The Dynamics of the Post-Liberation Period in Namibia, SA and Zimbabwe
Southern Africa: The Dynamics of the Post-Liberation Period in Namibia, SA and Zimbabwe
Date Posted: Monday 17-May-2010
By Alexactus T Kaure
WHY Namibia, South Africa and Zimbabwe now? Well, the three countries share some striking historical similarities. They were settler colonies.
The three were fiercely involved in a protracted struggle for independence. Then, of course, they were the latecomers on the continent's independence map. They also had some of the best physical infrastructure by African standards and were thus ready for economic take-off.
And because they were engaged in the war of liberation against malignant colonial/apartheid states, most people read too much in the possibility for a more radical or even revolutionary change once these countries gained independence. One of the high expectations was how the three liberation movements which came to power in these countries - Swapo, the ANC and Zanu - were going to address the 'national question' which centred on the land issue and economic inequality.
And don't forget that the three main parties that are now running these countries are said to be friends. Although before independence both Swapo and the ANC were aligned with the now assimilated Zapu and not Zanu, just as Swapo was also closely affiliated with Unita rather than the MPLA before Angola's independence. But these are beside the point now.
What I want to interrogate here, in very broad strokes, is whether the three movements have lived up to the expectations of not only their own people but also those who supported them internationally. One thing must be made clear. Of the three parties, the ANC never pretended to be a socialist or a revolutionary party, say in the mould of the MPLA or Frelimo.
But both Swapo and Zanu had socialist pretensions. And in all earnest immediately after the independence of Zimbabwe in 1980, Zanu tried or said it was implementing socialism. It immediately started to implement the much-needed land reform programme which led to an increase in overall food production in the country. And Robert Mugabe was a respected statesman globally. But already in the late 1980s the epithet on the system failure was being written, for example in the memorable phrase of Andrew Astrow: 'the revolution that lost its way'.
In Namibia, on the other hand, there were no pretensions of implementing the socialist agenda. Instead Swapo went into full gear not only to retain the colonial (read capitalist) economy, but it actually entrenched and broadened it by bringing in a few black faces through the so-called black economic empowerment (BEE) to join the white capitalist class.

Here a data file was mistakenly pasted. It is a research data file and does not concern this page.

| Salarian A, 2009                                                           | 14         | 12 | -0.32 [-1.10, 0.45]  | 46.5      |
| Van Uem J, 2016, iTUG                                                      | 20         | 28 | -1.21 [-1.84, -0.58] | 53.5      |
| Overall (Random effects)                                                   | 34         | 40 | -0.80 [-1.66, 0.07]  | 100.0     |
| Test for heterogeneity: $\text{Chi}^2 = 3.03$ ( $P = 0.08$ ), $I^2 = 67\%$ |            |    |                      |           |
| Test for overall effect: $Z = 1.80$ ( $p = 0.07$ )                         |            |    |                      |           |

This, it must be said, was also employed in Zimbabwe and it is being applied in SA as well. This strategy of empowering a few individuals instead of developing the whole country didn't work in Zimbabwe otherwise its economy shouldn't have collapsed like a pack of cards. It was like a house built on sand, although Namibia and SA are still religiously pre-occupied with the BEE agenda. Is it because the leadership in these countries cannot conceptually conceive of an alternative or is it simply the easiest way to go down? As they say, there is always a good reason to do the wrong things.
On the thorny land issue all three countries have not fared that well either, to put it mildly. Zimbabwe was successful in the early years but then things started going awfully bad in early 2000 when Mugabe began losing political clout at home and thus wanted to hang on to power by any means necessary. This led to wholesale land invasion sanctioned by his government or buying land for his family, including his wife, and also friends and top politicians.
In Namibia the situation is not much different from the one that pertains in Zimbabwe. Here the whole exercise is rather symbolic which is meant to placate the people, especially in a system based on patrimonial networks. We are told millions are spent every year to buy land but who gets farms and for what purpose is not clearly spelled out.
Even people who could afford to buy farms through the normal commercial channels ended up being resettled, leaving the most needy or 'real' farmers out. In fact the 'land issue is now a non-issue' because everyone 'who is who' in Zimbabwe, Namibia and SA now own a farm - some even multiple farms. Thus what applies to Zimbabwe and Namibia also applies to SA, albeit with some variations here and there.
Thus the radical changes that were promised by the leaders and envisaged when these three liberation movements came to power, didn't materialize. Instead what developed here are patrimonial states. And by definition such systems can never be conducive to radical economic development and progressive social change. Especially if this is cast in the neo-liberal logic of global capitalism to which our leaders have no response.
Original Source: The Namibian (Windhoek)
Original date published: 14 May 2010
Source Url: http://allafrica.com/stories/2010051...html?viewall=1